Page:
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How To Make A Kitchen Island

author-gravatar bruceaulrich Oct 02, 2017

I was commissioned to build a mobile kitchen island. This was a pretty complex build, for what I'm used to. Take a look at the video of how I did it:

My neighbor wanted a very unique gift for his wife for Christmas, so a few months before, he came to me with ideas about a rolling kitchen island. He had already sketched out the general look of what he wanted, so I asked a few more questions to make sure we were on the same page with casters, the top, number of drawers, paint color and a few more details. 

He had a few requirements that had to be met:

  • painted the same color as his existing cabinets
  • hardwood top so they could use it as a cutting board for food prep
  • large casters so it could be wheeled outside to grill (they grill out back a lot)
  • plenty of storage
  • same height as their counters


Table saw -

Miter saw -

Nail gun -

Air compressor -

Hand plane -

Thickness planer -

Jointer -

Drill & driver -

Mini paint roller -

Spackling -

Random orbit sander -

Double locking casters -



3/4" plywood

Paint of your choice

Wood glue


Thanks for taking the time to check out this project! Take a look at the steps outlined below and if you build one, I'd love to see it...tag me on Instagram @Brudaddy! I'd also love to know what you think, so leave me a comment with any questions you might have.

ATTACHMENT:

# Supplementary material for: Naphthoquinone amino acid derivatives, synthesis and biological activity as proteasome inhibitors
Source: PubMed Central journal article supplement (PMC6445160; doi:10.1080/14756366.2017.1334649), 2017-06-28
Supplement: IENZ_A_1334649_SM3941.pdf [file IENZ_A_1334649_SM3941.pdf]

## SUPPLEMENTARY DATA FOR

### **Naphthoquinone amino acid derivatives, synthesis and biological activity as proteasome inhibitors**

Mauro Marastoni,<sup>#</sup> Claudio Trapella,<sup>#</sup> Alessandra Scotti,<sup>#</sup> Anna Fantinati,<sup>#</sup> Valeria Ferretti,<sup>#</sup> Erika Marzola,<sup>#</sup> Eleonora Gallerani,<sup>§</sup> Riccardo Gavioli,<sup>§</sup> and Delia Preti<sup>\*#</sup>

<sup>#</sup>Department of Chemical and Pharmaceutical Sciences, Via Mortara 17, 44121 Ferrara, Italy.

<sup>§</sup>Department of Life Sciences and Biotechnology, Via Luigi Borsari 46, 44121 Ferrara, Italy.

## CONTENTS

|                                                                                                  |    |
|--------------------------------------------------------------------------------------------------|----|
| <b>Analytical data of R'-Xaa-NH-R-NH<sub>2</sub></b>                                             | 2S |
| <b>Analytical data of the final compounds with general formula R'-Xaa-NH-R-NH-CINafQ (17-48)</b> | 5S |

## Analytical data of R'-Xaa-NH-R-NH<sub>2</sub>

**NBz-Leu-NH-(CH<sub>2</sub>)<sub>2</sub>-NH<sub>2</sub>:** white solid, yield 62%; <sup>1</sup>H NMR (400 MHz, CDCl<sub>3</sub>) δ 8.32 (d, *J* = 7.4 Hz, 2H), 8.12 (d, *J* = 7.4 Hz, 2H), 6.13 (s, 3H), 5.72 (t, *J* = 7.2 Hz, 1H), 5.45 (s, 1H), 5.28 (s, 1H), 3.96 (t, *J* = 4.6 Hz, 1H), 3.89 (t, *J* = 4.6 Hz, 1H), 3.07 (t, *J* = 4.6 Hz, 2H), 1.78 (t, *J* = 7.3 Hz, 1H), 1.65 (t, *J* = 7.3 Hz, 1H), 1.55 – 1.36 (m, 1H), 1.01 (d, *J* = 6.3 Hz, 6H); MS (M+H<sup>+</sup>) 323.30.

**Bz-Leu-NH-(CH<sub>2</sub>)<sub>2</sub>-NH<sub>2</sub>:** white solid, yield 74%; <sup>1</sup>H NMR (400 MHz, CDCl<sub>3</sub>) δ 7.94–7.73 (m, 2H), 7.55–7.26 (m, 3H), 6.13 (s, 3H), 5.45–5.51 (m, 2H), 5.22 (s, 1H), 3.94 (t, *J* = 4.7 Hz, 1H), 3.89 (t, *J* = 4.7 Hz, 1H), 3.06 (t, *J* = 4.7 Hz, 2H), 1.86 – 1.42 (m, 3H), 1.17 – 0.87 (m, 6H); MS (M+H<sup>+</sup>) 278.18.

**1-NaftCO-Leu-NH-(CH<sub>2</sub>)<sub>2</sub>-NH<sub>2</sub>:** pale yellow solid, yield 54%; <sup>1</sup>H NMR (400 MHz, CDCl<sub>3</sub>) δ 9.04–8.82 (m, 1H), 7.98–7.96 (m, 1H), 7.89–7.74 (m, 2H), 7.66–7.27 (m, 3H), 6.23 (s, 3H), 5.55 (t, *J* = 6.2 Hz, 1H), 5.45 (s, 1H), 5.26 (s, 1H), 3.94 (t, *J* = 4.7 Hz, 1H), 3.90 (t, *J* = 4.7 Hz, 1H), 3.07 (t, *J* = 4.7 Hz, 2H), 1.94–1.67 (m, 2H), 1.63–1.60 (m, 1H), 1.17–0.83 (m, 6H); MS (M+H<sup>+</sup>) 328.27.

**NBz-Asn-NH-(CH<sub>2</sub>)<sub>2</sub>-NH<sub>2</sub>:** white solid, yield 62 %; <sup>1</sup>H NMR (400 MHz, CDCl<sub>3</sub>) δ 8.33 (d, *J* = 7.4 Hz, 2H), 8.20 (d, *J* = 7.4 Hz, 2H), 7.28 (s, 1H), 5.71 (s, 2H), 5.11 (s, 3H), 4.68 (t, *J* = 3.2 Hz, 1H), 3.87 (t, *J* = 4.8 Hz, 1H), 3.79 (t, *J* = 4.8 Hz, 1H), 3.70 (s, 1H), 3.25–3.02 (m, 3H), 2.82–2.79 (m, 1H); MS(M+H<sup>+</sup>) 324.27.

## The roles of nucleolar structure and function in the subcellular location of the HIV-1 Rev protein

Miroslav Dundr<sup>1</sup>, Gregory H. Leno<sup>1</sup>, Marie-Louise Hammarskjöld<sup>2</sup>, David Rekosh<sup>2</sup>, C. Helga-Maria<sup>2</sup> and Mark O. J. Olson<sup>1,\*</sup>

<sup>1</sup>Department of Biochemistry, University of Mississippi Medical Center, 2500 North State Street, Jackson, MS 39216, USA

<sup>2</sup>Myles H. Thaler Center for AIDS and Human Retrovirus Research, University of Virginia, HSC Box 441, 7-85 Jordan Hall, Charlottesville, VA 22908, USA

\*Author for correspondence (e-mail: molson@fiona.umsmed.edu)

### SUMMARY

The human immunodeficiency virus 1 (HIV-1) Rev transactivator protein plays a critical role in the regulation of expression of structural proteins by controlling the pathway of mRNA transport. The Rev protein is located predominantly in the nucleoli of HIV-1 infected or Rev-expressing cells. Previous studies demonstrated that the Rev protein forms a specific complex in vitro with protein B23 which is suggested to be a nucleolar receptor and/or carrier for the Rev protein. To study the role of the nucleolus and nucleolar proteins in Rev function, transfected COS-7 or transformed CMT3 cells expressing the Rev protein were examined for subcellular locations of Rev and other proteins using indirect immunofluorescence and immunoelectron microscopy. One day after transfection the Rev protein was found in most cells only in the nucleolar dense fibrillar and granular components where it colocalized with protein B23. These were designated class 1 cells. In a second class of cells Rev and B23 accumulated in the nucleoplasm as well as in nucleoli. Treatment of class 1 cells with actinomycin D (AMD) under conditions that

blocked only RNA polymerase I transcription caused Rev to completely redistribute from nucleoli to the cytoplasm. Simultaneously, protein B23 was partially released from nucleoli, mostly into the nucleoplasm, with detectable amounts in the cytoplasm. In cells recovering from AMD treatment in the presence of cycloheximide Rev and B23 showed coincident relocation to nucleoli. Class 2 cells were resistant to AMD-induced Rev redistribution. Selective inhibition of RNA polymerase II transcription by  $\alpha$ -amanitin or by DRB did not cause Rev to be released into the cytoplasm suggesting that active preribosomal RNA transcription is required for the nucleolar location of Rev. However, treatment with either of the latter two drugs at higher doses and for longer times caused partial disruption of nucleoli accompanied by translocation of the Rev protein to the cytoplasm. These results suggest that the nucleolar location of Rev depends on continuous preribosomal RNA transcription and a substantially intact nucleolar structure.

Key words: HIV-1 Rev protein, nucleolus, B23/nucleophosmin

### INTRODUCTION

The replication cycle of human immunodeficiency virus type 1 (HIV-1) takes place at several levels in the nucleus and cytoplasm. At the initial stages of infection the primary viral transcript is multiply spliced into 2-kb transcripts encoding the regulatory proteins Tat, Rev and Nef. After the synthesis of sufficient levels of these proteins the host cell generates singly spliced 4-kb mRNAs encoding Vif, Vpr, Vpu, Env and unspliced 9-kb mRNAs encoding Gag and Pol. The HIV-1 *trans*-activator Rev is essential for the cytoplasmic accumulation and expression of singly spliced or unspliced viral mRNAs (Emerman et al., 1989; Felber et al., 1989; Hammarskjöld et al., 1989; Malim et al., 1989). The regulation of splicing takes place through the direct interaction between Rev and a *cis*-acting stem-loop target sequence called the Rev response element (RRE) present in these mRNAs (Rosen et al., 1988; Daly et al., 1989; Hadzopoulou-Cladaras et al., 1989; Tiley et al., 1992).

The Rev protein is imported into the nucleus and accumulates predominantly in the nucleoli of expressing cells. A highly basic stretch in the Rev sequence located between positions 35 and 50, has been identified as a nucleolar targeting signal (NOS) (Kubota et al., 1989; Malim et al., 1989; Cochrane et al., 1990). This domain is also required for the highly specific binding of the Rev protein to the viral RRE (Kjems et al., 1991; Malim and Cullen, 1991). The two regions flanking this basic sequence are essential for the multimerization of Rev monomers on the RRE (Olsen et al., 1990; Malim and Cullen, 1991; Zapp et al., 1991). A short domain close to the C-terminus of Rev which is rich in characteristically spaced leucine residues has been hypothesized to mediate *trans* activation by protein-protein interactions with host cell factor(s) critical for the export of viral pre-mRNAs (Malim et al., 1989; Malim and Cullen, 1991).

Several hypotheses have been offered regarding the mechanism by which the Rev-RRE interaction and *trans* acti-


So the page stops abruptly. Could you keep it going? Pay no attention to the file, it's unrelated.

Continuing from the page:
I got started by unpackaging all of the galvanized pipe. I used 1/2" pipe for the handle/towel holder that would go on the side. I'm not sure why I started on this first, since it would be one of the last things to go on the piece. I think it is just nice to get started on something easy with a big project. That's what I've found anyway. It helps me want to keep going into it. 

I wiped down the pipes with acetone to remove anything sticky or any residue left. Then, I assembled the pipes into their final configuration. I could have just used black iron pipes, but I used the galvanized ones for a reason. The hardware the client wanted to use was a weathered nickel, so it had some silver and black elements. They didn't originally want to go with these, but I suggested them to stand out just a bit from all of their current hardware. The style matched their current hardware exactly, but this would make it an accent piece. 

I didn't try to glue any of these pipes or secure them to each other in any way. They were secure enough just threading them tightly. 

I sprayed some black spray paint on the handle once it was done. Yes, I know you can buy black iron pipe, but I wanted the silver of the galvanization to show through just a little bit. The drawer pulls the client requested were "hammered nickel" finish, which were mostly black, with a little silver showing through like they had been beat up. 

I took some 8/4 (that is pronounced "eight quarter" and just means it is 2" thick) walnut and some 4/4 hard maple to use for the top. The walnut was rough material, so it had to be milled up. It was slightly wider than what my 6" jointer could handle, so I had to figure out a different way. I just ran the face of the walnut boards across the jointer head like I would normally, but this left a slight lip on one side. I took it to my bench and used a No.4 hand plane to remove that little lip. Then, I sent it through the thickness planer a few times with the newly flattened side facing down. This gave me 2 perfectly flat and parallel (probably the most important) faces.